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For those with experience, what would you recommend to new guitarists?


Dewey
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A few things pop into my head right away.

 

Play with other people. You will learn from them, You will hear what you need to work on.

 

Always play, but don't always practice. Still practice your lessons, learn songs, etc., but sometimes, just play.

Play whatever you want wherever you want on the fret board. Even if it doesn't sound good. Knowing what doesn't work is almost as important as knowing what does work. Your mechanics will improve and you'll find notes that "work" in other areas of the neck. I find that inspirational and often stumble across something cool and then chase it until I expand it as much as I can while still having fun.

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The biggest thing for me:
Finding the RIGHT things to practice for YOUR desired result.

So many times, guitar players get into routines of doing things they think are "required" for everyone. Sure, certain things need to be done, but they can be done according to the style, feel, and connection that you personally want with the guitar.

Also, setting yourself up with a proper schedule will be HUGE!

Lastly, never forget why you picked that sucker up in the first place. If it never becomes "work" to do, you'll do wonders on that thing!

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Welcome aboard @Dewey. I have played guitar a long time, BUT, only by ear. After deciding to learn what it was I was doing, I can honestly say in my opinion, the number one thing to remember, forget the myths of practice. You Never have to practice for hours a day to get better. What matters most, is what you practice. Even if you find you only have 10 or 15 minutes....pick up your guitar and practice something that will help you improve. One of the Best things I know of, are the exercises. Go into the "Unlimited Dexterity Course" There are exercises for many different needs. Strength, dexterity, muscle memory, speed, hammer ons, pull - offs etc - etc.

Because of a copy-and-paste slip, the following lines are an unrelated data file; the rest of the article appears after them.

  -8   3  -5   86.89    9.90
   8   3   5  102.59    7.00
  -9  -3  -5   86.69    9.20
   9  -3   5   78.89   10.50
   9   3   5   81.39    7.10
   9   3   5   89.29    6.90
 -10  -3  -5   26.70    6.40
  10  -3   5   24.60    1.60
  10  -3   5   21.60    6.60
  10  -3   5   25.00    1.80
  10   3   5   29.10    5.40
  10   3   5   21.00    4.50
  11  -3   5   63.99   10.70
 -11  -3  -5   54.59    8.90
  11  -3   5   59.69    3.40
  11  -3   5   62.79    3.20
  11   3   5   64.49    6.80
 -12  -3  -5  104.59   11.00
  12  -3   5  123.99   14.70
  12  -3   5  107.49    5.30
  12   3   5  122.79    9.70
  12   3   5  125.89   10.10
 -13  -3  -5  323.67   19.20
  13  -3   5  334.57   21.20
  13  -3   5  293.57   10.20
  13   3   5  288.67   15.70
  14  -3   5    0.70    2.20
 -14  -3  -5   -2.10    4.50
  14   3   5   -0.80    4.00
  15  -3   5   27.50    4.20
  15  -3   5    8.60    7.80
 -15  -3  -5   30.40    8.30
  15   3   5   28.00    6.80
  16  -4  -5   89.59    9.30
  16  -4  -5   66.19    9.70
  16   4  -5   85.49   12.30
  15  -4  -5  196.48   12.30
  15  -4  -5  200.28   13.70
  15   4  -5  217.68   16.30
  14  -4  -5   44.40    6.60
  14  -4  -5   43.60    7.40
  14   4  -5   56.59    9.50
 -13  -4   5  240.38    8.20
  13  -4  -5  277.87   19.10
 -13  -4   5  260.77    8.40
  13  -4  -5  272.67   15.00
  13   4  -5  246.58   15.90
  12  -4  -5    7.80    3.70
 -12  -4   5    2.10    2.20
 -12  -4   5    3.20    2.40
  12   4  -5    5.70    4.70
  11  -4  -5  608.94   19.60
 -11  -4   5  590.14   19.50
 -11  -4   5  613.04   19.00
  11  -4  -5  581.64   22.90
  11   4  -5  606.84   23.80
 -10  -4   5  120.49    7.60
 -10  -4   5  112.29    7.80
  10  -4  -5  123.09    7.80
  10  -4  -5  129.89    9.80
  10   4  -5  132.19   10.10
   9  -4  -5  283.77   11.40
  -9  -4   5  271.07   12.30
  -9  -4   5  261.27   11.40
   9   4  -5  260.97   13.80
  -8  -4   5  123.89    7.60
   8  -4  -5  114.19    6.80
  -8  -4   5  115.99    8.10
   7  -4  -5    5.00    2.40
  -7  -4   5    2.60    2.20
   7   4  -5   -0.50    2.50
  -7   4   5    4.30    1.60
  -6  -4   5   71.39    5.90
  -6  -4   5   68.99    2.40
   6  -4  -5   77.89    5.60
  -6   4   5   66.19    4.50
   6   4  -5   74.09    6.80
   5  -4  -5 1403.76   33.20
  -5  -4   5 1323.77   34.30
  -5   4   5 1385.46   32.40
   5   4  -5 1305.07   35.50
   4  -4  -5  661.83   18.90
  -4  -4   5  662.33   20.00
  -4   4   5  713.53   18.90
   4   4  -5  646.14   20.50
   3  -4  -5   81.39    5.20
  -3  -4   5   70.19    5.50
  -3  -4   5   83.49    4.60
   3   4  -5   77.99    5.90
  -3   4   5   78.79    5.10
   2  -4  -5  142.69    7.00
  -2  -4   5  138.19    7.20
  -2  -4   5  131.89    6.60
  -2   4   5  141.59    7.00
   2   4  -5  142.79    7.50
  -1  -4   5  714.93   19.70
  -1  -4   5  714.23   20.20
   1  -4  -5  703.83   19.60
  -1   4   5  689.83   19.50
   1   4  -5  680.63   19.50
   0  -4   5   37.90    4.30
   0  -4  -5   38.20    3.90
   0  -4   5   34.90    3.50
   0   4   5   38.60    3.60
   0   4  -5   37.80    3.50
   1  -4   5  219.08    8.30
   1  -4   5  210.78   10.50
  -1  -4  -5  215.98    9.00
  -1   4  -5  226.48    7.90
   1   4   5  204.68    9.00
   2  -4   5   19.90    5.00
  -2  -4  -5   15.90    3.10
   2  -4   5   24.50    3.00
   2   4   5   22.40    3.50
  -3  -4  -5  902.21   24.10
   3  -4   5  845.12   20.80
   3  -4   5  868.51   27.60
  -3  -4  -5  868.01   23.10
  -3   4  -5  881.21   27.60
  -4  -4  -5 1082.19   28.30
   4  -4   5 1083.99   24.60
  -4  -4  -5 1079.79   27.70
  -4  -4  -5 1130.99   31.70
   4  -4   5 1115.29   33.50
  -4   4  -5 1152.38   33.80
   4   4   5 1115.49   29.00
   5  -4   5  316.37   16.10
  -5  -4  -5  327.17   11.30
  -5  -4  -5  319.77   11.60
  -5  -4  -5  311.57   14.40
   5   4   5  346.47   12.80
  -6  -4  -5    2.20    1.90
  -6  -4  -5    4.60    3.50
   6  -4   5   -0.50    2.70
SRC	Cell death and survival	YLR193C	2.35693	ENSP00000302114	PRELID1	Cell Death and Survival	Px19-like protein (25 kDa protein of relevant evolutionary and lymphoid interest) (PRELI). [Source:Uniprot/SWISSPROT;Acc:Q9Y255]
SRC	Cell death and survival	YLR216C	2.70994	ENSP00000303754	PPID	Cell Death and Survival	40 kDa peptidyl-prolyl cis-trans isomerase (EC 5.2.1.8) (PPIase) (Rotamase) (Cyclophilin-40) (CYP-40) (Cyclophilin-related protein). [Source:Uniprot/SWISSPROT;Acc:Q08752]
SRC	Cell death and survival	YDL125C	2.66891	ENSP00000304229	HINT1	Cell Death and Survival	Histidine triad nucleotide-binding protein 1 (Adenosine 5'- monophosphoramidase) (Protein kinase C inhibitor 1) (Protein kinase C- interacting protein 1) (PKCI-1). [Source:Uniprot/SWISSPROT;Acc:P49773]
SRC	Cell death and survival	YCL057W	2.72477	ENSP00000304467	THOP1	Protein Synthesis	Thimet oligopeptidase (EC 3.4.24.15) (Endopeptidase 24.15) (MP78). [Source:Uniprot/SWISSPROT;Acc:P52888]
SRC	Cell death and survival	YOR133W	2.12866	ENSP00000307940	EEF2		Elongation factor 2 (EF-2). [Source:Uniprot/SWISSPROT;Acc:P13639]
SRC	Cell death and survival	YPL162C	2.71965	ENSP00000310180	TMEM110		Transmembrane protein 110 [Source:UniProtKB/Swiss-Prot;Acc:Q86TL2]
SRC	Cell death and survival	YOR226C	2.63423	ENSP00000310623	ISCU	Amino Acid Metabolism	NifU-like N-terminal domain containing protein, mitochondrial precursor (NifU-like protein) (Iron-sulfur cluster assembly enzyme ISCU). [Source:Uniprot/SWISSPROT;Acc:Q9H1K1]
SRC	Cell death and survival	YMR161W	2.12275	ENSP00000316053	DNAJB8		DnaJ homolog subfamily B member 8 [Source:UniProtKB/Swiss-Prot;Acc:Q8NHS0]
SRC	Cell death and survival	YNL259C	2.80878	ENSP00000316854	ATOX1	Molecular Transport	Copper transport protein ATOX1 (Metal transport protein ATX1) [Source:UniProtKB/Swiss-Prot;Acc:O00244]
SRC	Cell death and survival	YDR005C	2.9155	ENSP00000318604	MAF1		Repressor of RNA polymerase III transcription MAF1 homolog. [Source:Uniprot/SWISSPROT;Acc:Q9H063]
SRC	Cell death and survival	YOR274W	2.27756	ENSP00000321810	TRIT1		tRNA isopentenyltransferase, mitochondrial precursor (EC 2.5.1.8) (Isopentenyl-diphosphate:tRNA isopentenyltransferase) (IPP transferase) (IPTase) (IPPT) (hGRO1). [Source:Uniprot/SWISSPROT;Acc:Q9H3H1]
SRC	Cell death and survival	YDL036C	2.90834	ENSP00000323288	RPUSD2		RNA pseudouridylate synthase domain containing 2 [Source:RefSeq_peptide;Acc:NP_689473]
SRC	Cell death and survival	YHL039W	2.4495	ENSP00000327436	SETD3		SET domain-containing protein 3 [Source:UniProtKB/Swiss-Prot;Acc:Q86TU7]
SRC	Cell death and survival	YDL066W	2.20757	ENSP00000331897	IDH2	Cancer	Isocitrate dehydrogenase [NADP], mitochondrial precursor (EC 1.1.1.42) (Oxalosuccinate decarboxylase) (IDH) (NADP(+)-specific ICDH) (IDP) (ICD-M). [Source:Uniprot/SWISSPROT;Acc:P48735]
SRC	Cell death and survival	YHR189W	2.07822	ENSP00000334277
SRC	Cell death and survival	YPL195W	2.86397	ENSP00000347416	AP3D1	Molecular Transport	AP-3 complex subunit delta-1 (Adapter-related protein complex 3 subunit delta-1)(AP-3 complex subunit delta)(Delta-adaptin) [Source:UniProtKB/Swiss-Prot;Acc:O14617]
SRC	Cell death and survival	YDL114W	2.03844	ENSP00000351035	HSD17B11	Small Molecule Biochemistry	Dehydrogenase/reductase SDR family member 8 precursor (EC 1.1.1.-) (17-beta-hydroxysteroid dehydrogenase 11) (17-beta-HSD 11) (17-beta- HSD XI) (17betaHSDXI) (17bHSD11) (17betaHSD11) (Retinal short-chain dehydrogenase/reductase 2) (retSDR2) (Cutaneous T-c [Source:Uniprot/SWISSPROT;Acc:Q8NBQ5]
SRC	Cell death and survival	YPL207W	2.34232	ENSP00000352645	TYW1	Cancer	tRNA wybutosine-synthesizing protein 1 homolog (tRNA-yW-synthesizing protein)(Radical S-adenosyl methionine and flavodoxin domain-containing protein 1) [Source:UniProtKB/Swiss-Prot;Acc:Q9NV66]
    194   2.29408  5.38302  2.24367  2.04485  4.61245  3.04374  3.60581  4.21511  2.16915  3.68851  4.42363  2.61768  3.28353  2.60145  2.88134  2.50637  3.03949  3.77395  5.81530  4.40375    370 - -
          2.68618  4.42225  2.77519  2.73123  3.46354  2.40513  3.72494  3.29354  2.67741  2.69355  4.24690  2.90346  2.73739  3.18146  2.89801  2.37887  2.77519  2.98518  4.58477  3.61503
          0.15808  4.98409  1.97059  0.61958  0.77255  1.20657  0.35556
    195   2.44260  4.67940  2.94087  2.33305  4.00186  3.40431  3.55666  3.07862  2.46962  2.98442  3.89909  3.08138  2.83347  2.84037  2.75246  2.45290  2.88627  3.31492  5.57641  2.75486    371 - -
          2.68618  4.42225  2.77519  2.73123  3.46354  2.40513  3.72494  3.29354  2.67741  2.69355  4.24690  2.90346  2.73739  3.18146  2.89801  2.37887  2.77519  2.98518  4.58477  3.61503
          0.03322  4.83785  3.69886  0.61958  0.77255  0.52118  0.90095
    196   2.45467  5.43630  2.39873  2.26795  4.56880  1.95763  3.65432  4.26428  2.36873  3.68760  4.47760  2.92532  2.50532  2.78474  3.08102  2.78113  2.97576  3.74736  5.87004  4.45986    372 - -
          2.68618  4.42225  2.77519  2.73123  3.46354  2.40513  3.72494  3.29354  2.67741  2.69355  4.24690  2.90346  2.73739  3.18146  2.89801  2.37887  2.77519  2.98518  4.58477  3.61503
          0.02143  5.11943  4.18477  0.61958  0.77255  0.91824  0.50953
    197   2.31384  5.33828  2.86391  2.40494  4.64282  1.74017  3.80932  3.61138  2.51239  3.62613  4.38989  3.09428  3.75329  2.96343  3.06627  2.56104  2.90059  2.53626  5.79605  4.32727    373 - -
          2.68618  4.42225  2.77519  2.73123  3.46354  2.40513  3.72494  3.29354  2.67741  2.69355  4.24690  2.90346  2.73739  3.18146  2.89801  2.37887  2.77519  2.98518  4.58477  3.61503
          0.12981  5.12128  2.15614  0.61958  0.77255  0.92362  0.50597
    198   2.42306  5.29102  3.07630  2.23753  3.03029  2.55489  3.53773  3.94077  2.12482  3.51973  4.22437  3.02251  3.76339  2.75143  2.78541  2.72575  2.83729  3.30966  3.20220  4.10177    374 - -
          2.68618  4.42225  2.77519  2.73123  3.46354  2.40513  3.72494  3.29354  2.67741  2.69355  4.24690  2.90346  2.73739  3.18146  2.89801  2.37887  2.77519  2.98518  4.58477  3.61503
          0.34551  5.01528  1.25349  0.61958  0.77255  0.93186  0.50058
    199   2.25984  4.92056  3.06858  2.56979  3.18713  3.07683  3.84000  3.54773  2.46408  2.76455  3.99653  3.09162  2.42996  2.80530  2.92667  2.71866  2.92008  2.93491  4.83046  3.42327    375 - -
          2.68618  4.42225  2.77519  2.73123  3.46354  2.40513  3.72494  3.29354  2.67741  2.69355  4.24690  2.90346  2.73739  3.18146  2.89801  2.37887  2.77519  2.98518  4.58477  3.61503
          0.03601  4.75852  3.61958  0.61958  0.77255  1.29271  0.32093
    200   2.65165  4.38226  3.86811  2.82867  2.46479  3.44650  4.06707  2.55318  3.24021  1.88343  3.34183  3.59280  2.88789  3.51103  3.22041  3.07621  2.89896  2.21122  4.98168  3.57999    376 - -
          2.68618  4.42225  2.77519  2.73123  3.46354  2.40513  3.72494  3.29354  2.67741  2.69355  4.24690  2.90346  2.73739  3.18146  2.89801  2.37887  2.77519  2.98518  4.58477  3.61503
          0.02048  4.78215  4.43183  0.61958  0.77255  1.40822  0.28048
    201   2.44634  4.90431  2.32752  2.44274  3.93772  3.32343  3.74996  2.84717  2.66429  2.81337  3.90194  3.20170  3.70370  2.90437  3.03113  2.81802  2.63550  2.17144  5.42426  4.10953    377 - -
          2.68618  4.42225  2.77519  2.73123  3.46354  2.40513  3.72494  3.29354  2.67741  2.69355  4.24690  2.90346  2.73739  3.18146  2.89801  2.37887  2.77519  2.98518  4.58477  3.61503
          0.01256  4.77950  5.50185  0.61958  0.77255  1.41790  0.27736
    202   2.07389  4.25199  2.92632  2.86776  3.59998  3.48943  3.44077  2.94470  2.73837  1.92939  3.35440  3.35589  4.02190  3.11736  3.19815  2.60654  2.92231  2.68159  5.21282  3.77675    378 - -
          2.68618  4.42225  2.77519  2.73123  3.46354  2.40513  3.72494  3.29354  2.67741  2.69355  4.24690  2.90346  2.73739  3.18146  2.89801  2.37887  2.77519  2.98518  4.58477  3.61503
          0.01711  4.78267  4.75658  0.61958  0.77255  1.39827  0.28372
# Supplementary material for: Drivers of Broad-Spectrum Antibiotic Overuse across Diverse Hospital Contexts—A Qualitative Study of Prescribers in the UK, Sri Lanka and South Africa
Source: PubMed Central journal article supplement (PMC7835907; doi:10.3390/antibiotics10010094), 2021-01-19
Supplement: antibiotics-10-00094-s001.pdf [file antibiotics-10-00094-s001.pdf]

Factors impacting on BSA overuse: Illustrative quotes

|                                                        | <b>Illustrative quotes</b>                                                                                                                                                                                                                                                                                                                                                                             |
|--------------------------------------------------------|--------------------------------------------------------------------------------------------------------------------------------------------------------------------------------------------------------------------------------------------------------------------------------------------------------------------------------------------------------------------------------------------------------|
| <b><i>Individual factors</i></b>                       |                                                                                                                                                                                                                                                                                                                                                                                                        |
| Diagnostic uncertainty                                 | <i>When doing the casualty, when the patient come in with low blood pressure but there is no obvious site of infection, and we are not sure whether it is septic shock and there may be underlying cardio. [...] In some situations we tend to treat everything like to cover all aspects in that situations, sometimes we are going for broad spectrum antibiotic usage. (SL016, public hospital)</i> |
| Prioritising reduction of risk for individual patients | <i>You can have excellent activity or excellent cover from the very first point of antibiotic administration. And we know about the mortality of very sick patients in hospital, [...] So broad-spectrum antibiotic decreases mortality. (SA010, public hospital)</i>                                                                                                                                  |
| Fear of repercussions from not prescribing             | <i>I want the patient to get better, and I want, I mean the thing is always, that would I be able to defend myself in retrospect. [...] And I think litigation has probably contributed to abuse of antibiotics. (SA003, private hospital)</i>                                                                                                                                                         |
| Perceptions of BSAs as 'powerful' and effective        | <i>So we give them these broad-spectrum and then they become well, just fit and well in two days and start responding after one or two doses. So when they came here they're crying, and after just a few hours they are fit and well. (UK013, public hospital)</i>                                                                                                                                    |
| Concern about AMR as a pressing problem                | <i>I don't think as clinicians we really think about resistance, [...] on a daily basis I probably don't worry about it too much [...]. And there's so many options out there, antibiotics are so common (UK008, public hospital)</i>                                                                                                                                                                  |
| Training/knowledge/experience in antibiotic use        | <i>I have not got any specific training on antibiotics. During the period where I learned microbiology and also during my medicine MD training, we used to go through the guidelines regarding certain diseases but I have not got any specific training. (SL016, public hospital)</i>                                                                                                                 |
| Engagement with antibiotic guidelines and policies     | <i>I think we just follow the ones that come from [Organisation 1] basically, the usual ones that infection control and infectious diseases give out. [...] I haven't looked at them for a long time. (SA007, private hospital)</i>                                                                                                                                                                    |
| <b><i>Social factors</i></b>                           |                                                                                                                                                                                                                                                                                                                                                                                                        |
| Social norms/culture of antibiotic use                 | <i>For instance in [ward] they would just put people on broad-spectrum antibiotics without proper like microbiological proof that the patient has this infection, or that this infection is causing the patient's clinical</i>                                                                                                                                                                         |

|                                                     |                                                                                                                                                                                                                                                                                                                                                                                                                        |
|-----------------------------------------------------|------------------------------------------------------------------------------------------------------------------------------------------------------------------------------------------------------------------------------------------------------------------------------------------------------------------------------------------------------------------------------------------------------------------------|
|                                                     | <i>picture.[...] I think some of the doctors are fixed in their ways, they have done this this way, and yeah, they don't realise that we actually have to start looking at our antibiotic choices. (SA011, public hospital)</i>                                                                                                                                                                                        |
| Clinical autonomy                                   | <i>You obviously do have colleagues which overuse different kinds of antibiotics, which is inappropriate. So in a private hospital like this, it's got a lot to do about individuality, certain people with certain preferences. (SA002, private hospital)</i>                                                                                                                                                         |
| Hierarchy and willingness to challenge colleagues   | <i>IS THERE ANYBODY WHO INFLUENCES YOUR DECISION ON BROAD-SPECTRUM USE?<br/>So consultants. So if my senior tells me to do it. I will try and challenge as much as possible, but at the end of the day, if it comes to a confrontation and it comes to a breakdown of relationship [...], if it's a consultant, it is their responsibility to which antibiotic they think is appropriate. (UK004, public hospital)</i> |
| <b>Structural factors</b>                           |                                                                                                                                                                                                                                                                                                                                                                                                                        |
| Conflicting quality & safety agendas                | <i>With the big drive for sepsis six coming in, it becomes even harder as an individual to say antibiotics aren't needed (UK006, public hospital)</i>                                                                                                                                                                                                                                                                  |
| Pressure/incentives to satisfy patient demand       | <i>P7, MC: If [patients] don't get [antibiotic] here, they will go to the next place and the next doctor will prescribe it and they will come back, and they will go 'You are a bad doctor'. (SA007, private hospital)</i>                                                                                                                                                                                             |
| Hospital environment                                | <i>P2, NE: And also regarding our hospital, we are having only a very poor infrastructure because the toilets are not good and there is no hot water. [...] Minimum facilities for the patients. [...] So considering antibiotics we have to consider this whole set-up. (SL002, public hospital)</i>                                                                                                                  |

I would advise you to go into that course and watch the video where Jonathan shows how to perform the warm - up. Just that one exercise for now. Every time you pick up your guitar to practice, do that warm up. It only takes 3 - 5 minutes or less once you get used to it, BUT, it gets your fingers warmed up and ready for whatever you are planning on practicing. If you can't practice today because you have no time, pick up your guitar and just do the warm up. This will keep your fingers building muscle memory, it will strengthen them, and pretty soon, they will be doing exactly what you want them to do, without even  thinking about it.

The biggest thing to remember is have fun. Both @Ryan Withrow and @dodgechargerfan mentioned this above. If your practice is always fun, you will Never get tired of doing it. Then you will easily see your progress, and this is one of the BIGGEST motivators there is. Seeing your own progress. I always spend 15 to 20 minutes after every practice session improvising to different backing tracks. You will be amazed at how quickly you start to create your own style, and it is so much fun being able to.

Sorry for the long - winded reply - I hope this helps

 

Glenn

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  • 1 month later...